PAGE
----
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Darwin Correspondence Project

From Archibald McNeill   24 January 1869

73 Gt. King Street | Edinh.

24th. Jany. 1869

Dear Sir

I am much pleased to learn from yours of the 18th. that the information sent by me to Mr. Cupples has been interesting to you—1

As to the question on wh. you now wish information vizt. whether the branches on the horns of deer are intended for use or ornament I feel some diffy., but am of opinion that they are probably intended for both purposes— For while I know that some of the branches are useful in attack and defence, there are others that I never saw brot. into action and I am inclined to think your remark correct that a single point at the top of the horn wd. be more effective in combat than three points and in fact stags frequently have only one point—but the brow antlers wh. incline downwards are a great protection to the forehead, & as the their points are turned outwards they are used effectually in attack—2

I have very seldom had a dog killed by a deer for my dogs were deer hounds & not Stag hounds and were used only for coursing, and as a Stag will not turn to bay till he is exhausted a good deer hound will run up to him & pull him down before he is blowen— on this subject you may perhaps find in Mr. Scropes Book on deer stalking some of the information you desire—3

In regard to the other branches I am not aware that they are much used in their fights with each other but I have seen stags in a half tame state use them when fighting with Bulls by bringing the antlers into contact with the Bulls forehead & in every case with success—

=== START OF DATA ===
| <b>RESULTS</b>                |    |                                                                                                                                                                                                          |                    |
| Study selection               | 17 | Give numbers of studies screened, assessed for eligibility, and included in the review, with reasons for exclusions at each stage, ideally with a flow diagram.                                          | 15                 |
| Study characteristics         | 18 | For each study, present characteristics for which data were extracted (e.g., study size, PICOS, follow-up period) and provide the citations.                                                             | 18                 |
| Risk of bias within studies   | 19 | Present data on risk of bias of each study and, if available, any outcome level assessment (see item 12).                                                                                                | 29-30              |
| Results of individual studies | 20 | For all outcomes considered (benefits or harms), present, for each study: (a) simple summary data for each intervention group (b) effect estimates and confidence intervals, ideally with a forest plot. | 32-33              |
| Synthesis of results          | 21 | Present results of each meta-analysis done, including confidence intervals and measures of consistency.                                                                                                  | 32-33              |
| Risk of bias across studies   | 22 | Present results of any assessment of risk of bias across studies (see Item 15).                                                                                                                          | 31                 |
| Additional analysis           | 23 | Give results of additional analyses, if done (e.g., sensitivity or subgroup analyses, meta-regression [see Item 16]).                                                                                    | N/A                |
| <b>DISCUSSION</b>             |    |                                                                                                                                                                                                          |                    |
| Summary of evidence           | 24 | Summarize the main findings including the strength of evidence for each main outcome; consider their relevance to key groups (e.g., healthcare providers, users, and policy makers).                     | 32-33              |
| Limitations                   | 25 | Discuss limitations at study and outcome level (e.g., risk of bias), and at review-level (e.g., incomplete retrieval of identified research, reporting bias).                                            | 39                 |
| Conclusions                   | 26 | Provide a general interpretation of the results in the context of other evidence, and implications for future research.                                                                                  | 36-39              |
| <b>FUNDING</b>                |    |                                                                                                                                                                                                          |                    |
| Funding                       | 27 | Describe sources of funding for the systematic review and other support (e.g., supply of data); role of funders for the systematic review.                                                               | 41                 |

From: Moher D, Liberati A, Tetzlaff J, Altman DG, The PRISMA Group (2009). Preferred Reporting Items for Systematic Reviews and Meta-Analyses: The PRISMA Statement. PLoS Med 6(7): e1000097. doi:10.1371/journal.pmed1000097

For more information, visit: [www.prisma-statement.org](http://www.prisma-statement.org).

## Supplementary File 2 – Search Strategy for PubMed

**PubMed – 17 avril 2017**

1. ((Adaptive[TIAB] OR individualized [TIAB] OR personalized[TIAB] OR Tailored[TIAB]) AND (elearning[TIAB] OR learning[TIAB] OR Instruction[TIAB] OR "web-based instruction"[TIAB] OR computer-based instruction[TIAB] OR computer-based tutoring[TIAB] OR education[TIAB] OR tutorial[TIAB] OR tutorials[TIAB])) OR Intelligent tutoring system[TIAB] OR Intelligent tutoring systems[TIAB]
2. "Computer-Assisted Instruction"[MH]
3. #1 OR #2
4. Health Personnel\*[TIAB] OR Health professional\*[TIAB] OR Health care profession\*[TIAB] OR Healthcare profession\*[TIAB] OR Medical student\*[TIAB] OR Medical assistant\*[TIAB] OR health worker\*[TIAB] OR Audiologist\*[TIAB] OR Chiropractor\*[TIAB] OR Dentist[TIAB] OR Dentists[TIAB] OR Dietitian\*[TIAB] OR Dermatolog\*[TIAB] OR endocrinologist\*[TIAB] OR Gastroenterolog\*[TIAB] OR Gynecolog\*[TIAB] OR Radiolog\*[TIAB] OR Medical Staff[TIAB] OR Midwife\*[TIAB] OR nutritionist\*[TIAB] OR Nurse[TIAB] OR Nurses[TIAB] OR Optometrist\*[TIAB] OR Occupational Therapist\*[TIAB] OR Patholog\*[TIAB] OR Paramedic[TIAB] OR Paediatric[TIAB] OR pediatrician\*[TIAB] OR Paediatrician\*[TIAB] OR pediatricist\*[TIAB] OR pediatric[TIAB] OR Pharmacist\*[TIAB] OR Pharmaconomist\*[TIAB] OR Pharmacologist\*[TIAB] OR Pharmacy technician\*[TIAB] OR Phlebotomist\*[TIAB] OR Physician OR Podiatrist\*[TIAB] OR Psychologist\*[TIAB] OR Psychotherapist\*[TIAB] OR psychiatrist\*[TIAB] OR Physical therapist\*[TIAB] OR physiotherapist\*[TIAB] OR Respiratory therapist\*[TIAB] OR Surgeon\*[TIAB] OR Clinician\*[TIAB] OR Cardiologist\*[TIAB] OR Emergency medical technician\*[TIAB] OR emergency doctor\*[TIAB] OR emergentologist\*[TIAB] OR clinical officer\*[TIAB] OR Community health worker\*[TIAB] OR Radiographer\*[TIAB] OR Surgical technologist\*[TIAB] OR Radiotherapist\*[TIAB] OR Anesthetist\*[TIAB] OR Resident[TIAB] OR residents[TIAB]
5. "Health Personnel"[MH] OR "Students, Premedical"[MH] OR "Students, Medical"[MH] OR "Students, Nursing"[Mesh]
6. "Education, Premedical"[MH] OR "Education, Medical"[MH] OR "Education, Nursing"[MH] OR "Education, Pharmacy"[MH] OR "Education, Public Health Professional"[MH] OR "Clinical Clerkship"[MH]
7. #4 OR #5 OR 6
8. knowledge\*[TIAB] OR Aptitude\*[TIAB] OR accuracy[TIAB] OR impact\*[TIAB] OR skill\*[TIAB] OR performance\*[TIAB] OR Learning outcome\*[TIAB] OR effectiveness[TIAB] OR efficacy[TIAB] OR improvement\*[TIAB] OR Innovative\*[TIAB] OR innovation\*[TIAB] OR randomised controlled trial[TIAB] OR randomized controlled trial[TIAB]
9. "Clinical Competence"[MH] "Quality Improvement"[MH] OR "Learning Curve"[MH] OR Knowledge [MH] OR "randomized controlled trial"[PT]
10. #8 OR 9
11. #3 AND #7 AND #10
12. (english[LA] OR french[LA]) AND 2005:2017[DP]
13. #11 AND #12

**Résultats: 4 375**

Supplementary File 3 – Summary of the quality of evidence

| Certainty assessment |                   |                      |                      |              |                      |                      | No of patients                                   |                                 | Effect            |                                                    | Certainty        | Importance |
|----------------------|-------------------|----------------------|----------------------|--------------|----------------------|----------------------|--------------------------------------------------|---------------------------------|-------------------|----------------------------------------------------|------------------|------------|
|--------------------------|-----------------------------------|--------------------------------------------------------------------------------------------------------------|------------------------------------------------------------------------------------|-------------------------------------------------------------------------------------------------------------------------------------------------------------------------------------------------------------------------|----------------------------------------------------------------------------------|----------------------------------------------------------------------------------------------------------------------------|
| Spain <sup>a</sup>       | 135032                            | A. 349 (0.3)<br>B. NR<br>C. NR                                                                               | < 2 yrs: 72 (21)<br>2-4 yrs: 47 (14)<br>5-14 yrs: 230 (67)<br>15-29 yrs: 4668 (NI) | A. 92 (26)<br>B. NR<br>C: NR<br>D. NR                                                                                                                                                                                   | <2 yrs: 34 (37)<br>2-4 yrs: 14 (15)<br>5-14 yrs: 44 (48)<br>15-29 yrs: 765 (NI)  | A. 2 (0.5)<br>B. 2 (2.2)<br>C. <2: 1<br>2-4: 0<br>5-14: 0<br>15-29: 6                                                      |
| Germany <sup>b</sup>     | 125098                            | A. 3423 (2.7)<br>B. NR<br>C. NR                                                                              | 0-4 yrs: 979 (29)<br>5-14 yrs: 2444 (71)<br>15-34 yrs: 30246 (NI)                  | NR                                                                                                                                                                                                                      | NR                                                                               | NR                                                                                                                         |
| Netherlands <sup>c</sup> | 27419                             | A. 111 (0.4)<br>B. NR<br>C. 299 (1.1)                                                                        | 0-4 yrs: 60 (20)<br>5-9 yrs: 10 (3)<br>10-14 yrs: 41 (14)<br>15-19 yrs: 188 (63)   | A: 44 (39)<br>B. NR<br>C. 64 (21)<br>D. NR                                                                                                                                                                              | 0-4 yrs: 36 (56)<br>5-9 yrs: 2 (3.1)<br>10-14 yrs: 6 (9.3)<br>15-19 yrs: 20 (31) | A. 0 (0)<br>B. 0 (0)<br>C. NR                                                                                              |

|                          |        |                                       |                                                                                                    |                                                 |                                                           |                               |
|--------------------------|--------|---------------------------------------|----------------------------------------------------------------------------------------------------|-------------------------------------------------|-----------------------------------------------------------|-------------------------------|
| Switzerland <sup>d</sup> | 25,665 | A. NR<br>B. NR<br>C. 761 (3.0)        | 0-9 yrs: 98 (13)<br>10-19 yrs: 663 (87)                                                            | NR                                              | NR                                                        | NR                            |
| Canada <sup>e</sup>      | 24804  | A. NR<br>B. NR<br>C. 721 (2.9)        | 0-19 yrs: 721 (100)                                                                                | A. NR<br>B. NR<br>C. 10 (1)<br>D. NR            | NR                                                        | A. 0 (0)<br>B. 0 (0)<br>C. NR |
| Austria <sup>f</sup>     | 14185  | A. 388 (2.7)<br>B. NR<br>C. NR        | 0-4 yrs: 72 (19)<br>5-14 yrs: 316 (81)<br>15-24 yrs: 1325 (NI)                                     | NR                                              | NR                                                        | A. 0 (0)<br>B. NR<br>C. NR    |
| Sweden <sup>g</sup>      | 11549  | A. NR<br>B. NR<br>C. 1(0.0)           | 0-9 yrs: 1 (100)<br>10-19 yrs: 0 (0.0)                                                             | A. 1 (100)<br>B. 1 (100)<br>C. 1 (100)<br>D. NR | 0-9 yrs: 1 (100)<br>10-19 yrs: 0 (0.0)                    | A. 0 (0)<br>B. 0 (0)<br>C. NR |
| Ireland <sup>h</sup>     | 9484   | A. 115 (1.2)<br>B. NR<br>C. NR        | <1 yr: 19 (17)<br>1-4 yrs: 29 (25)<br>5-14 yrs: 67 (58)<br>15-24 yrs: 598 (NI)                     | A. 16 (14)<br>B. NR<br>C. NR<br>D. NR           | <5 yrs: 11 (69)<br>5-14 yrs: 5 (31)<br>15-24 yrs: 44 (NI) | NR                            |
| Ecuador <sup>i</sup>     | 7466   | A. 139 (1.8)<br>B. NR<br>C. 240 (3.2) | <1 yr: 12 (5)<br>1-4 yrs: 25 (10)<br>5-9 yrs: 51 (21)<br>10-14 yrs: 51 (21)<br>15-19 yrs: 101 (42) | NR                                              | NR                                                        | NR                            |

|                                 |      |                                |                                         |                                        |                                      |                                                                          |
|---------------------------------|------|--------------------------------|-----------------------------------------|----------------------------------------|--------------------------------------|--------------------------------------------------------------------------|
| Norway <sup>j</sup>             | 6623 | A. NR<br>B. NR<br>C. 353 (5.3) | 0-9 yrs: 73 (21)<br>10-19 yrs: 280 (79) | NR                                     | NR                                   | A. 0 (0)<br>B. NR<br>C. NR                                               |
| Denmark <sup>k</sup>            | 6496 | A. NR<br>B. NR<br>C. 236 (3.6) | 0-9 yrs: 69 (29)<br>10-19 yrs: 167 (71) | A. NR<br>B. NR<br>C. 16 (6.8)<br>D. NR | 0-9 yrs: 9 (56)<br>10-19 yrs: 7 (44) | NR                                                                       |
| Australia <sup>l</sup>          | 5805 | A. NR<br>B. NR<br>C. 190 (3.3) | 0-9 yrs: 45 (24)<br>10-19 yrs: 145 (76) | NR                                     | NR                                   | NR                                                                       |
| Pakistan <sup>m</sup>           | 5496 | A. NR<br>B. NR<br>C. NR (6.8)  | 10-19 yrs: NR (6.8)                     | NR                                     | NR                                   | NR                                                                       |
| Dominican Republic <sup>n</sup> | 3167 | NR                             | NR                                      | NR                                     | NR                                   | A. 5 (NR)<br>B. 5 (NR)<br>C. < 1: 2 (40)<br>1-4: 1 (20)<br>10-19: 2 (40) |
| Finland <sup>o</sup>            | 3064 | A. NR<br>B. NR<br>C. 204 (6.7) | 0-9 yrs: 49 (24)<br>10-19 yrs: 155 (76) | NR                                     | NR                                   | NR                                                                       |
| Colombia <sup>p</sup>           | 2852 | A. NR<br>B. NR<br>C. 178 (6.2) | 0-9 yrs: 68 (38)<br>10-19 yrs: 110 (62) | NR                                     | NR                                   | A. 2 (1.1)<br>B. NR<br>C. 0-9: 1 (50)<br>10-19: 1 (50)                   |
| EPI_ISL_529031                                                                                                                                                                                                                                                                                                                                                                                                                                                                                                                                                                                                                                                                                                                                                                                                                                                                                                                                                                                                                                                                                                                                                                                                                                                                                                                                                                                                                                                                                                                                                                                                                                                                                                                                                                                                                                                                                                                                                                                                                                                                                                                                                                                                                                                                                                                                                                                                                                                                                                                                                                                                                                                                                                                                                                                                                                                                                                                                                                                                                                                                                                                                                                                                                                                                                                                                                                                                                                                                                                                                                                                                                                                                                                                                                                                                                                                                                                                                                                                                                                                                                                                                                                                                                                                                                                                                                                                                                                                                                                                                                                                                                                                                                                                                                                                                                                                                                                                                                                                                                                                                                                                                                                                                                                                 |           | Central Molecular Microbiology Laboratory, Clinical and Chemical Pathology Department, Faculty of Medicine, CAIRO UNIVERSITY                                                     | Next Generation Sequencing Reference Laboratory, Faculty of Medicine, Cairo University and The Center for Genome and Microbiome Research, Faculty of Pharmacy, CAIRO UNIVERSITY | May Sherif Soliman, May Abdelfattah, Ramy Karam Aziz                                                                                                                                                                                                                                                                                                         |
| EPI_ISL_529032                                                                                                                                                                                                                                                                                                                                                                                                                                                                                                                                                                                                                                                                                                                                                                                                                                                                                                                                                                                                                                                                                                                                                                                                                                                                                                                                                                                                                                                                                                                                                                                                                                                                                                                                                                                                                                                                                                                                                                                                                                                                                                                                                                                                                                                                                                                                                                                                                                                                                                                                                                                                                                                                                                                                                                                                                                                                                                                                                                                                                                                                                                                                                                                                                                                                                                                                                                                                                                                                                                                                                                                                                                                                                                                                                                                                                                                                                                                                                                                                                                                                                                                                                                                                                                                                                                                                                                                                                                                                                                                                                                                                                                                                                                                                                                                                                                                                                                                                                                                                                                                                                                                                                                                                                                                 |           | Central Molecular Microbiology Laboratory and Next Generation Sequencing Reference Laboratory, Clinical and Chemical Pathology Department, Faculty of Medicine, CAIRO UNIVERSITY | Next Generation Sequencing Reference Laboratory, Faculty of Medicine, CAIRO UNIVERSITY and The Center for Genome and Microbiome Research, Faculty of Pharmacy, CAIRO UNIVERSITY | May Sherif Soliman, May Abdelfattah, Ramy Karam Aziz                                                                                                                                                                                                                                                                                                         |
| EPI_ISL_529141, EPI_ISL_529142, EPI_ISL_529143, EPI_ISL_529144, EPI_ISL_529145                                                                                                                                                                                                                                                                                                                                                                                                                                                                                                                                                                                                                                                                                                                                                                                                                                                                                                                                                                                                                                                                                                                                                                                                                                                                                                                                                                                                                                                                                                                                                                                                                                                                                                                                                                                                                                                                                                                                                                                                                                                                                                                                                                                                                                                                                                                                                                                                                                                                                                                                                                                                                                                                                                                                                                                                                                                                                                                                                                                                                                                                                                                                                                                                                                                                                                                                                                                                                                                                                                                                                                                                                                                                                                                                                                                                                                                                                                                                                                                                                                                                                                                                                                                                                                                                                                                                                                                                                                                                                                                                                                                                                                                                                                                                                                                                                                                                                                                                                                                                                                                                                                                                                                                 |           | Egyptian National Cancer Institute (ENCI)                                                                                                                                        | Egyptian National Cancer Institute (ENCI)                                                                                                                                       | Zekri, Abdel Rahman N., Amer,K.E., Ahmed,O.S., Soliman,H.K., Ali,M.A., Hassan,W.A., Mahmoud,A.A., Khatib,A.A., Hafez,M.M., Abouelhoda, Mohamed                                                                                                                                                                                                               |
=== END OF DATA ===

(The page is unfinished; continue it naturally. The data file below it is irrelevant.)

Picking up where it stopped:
I may here mention what is not Geny. known that I have frequently seen Stags in a half tame serve Cows, but of course there was no proginy—

The long hair on the Stags neck may be intended for ornamint but it is also a great protecton to him when hunted by dogs who generally seize the throat—4

I am sorry that I cannot give more specific information on a Subject in wh. I take great interest having had for many years an opportunity of studing the habits of difft. sorts of animals

Believe me to be | Yours faithy. | Archd. Mc.Neill

CD annotations

1.1 I am … dog killed 3.1] crossed ink
2.2 I feel … purposes— 2.3] double scored ink
3.1 by a deer … desire— 3.5] crossed blue crayon
4.1 In … success— 4.4] crossed ink
5.1 I may … cannot 7.1] crossed blue crayon
6.1 The long … throat— 6.2] double scored ink
7.1 give … animals 7.3] crossed ink

Footnotes

CD’s letter has not been found, but see the letter from George Cupples, 15 January 1869.
In Descent 2: 253, CD cited McNeill for this information.
McNeill refers to William Scrope and Scrope 1838.
CD cited McNeill for this information in Descent 2: 268.

Bibliography

Descent: The descent of man, and selection in relation to sex. By Charles Darwin. 2 vols. London: John Murray. 1871.

Scrope, William. 1838. The art of deer-stalking; illustrated by a narrative of a few days’ sport in the forest of Atholl, with some account of the nature and habits of red deer, and a short description of the Scotch forests; legends; superstitions; stories of poachers and freebooters, &c. &c. London: John Murray.

Summary

Answer to CD’s query as to whether horns on deer are for use or ornament. [See Descent 2: 252–3.]

Letter details

Letter no.
DCP-LETT-6574
From
Archibald McNeill
To
Charles Robert Darwin
Sent from
Edinburgh
Source of text
DAR 83: 175–6
Physical description
4pp †

Please cite as

Darwin Correspondence Project, “Letter no. 6574,” accessed on 6 December 2019, https://www.darwinproject.ac.uk/letter/DCP-LETT-6574.xml

Also published in The Correspondence of Charles Darwin, vol. 17

letter